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The deaths of four U.S. Army soldiers in Niger has triggered three controversies in the United States. The first is a domestic matter that again raises questions about the ability of President Donald Trump to perform the most basic duties of his office. The second revolves around the mission and capability of the troops that were deployed. The third is a more important debate about the presence of U.S. forces in that country and the rising importance of Africa in the fight against terrorism and Islamic extremists.

The first dispute concerns one of the most unpleasant tasks of the U.S. president: condolence calls to families of troops killed in conflict. Questions were raised about the comportment of the president during the call to the widow of Sgt. La David Johnson, one of the four American servicemen who died that day. When challenged, the president chose to fight back, questioning her account, rather than accepting criticism in an emotionally charged situation. His insensitivity has renewed questions about the president’s empathy and inability to rise above his personal feelings in such moments.

The second controversy emerged as details of the skirmish were divulged. A 12-man unit of Green Berets, whose main task was training, advising and assisting a Nigerien force of 30 soldiers, was on a routine patrol when it was given a new mission to gather intelligence on a terrorist leader who was operating in the area. After completing that assignment, the troops stopped at a village to resupply. They were ambushed shortly thereafter by 50 Islamic State fighters armed with mortars, rocket-propelled grenades and other heavy equipment. Four U.S. and five Nigerian soldiers were killed, and two other Americans wounded in the attack.

Questions have been asked about the readiness of the team. It was on one of its first patrols since arriving in the country and the soldiers had little combat experience. It was initially reported that three men were killed; the fourth fatality, Sgt. Johnson, was missing for two days before his body was recovered. The team requested support after an hour of fighting and a drone was dispatched but it was not armed as U.S. drones in Niger are not authorized to carry weapons. French fighter jets were dispatched an hour later; they did not strike the militants either. Those delays and shortcomings are under investigation.

The third controversy concerns the presence of U.S. forces in Africa generally. Congressmen tasked with oversight of military operations expressed surprise at reports of U.S. military involvement in Niger. The U.S. created Africa Command, or AfriCom, in 2007, to work closely with African militaries to combat an emerging terrorist threat. While eager to get U.S. help, many of those governments are cautious and concerned about hosting a visible U.S. military presence. The result has been a capacity-building effort to promote a regional solution to regional problems: U.S forces provide training and assistance, along with some surveillance and reconnaissance duties.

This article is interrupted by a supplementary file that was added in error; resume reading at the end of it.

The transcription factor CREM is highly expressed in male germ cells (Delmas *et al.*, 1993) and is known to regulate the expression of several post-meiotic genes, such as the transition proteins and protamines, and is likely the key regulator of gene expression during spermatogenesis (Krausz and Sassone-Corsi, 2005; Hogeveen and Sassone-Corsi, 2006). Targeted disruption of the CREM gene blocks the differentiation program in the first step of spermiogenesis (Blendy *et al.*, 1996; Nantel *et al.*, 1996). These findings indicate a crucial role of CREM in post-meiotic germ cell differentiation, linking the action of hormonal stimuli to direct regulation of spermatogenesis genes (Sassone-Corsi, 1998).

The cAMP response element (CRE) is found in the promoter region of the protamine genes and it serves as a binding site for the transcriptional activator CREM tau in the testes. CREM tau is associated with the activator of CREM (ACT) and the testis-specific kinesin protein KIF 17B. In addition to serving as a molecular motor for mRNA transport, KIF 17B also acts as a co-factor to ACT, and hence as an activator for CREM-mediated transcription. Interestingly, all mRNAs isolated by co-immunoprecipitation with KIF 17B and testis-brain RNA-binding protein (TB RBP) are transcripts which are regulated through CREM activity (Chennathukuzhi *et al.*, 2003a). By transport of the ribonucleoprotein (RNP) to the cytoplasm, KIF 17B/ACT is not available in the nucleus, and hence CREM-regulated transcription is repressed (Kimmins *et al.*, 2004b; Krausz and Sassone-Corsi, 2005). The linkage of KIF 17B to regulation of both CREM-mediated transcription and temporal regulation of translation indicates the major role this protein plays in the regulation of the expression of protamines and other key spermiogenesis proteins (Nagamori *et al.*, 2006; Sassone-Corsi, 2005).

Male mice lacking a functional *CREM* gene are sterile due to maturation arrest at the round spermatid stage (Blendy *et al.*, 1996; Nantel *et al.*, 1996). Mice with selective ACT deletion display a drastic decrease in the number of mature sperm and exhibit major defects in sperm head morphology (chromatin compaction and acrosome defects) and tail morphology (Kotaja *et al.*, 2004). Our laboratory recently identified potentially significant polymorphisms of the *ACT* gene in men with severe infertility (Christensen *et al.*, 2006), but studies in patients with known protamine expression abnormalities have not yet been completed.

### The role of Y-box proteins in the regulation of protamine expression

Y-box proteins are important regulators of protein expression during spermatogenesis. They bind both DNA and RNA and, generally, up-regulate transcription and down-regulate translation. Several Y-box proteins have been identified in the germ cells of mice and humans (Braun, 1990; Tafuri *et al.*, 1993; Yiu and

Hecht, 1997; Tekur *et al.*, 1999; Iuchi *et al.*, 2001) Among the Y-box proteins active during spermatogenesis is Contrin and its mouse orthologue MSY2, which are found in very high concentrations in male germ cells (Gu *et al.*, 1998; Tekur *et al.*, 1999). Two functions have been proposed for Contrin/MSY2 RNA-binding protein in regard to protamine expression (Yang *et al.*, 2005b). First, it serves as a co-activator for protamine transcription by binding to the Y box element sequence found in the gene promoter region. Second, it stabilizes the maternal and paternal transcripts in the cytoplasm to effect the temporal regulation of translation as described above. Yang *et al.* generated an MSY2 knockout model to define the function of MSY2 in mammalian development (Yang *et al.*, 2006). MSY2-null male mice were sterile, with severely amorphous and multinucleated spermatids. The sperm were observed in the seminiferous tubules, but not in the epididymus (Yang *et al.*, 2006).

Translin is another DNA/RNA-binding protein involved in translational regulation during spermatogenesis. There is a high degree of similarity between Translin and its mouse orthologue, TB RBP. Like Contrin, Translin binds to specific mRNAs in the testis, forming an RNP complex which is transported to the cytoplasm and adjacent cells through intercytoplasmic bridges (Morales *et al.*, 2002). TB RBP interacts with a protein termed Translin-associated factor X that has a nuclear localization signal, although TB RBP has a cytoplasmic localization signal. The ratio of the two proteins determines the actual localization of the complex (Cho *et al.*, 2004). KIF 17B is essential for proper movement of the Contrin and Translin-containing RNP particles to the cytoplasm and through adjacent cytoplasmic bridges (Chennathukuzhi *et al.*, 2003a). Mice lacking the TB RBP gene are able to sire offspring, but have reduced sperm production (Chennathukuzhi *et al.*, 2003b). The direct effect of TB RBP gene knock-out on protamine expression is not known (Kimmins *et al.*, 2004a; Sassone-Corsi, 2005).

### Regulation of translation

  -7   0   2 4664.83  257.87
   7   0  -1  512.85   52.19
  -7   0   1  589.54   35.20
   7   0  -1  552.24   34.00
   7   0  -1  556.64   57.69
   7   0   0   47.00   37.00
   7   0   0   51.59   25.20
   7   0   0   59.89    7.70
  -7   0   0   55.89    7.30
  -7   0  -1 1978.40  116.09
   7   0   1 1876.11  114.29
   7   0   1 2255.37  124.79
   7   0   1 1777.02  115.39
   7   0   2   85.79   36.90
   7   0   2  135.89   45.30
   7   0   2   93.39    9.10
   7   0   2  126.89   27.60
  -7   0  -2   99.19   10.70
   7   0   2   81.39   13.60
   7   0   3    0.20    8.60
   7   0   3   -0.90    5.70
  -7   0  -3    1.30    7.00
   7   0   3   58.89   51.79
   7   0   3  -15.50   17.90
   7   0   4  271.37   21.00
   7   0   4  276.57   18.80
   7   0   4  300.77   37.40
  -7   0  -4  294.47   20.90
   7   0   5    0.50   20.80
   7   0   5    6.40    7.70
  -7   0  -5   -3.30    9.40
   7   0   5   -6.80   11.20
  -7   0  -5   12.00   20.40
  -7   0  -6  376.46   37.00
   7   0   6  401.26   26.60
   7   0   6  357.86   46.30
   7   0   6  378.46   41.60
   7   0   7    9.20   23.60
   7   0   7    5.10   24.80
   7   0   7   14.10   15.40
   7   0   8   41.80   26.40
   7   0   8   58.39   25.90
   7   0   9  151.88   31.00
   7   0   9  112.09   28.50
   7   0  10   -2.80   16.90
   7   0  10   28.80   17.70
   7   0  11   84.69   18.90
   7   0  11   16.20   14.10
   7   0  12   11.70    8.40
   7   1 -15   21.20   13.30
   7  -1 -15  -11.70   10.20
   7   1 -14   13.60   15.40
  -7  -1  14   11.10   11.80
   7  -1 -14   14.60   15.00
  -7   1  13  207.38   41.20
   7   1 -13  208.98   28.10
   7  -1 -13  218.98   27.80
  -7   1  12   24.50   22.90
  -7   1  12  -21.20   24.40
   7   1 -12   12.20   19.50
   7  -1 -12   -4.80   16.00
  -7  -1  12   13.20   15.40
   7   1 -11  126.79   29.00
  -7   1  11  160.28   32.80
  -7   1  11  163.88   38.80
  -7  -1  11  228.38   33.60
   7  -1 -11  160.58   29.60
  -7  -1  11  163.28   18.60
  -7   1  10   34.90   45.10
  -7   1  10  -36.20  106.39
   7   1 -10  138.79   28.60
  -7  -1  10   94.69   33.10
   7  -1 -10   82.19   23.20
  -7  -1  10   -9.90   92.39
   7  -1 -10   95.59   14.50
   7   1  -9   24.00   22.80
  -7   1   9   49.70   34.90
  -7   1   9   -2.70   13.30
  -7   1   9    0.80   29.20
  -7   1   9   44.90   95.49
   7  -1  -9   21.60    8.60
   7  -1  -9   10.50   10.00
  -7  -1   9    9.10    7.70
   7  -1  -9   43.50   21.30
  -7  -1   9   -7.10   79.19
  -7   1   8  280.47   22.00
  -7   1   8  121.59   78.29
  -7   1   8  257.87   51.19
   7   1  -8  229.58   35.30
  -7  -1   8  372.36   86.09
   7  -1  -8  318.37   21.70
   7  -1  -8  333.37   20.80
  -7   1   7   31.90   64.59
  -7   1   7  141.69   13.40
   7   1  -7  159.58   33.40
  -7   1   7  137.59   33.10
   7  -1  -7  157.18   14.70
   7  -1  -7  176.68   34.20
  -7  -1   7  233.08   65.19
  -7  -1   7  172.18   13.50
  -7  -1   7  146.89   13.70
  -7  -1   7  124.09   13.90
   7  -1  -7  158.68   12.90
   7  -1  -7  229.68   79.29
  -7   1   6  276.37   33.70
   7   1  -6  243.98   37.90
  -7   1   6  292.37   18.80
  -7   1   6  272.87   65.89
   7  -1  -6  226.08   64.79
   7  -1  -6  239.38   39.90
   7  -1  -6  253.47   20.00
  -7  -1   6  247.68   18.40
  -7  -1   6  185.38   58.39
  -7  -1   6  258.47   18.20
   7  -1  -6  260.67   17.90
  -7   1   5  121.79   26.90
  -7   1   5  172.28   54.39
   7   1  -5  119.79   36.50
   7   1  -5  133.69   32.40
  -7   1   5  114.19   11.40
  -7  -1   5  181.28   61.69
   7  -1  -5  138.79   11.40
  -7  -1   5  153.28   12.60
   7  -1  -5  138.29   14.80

U.S. forces have operated in Niger for more than two decades, and a joint special operations task force was created in 2008. Three years later, U.S. and French forces set up a counterterrorism force there, led by the French. There are now 800 U.S. troops in Niger, a part of the 6,000 U.S. troops deployed in 53 countries in Africa.

A growing U.S. military presence in Africa has tracked the expanding threat of terrorist and extremist groups in northwest Africa. Countries are poor and governments are weak, fertile conditions to produce such groups. Borders are porous, which allows radicals to move easily, escaping authorities when pursued, and to recruit followers. The result is a veritable nest of insurgencies. Boko Haram, one of the region’s more dangerous groups, operates in Nigeria, just south of Niger; terrorists aligned with al-Qaida control parts of Mali, Niger’s western neighbor. Al-Qaida and IS groups are well ensconced in Libya — Niger’s neighbor to the north — and are growing after the implosion of the self-declared caliphate in Iraq and Syria. The U.S. is also in East Africa. Forces have operated in Somalia for over two decades, and Djibouti hosts the only permanent U.S. military base in the continent.

Japan long viewed Africa as another world, distant from its national concerns. That has changed. Japan’s Self-Defense Force troops were deployed to South Sudan as part of the United Nations-led peacekeepers, before their mission ended earlier this year. The SDF now has a small base of operation in Djibouti. Africa has become a focus of Japanese diplomacy: The sixth Tokyo International Conference on African Development held last year produced a three-year plan to promote structural economic transformation, resilient health care systems and social stability for shared prosperity. Here, as elsewhere, Japan can help address root causes of extremism, a contribution as important as that of U.S. military forces — and one that may eventually render it unnecessary.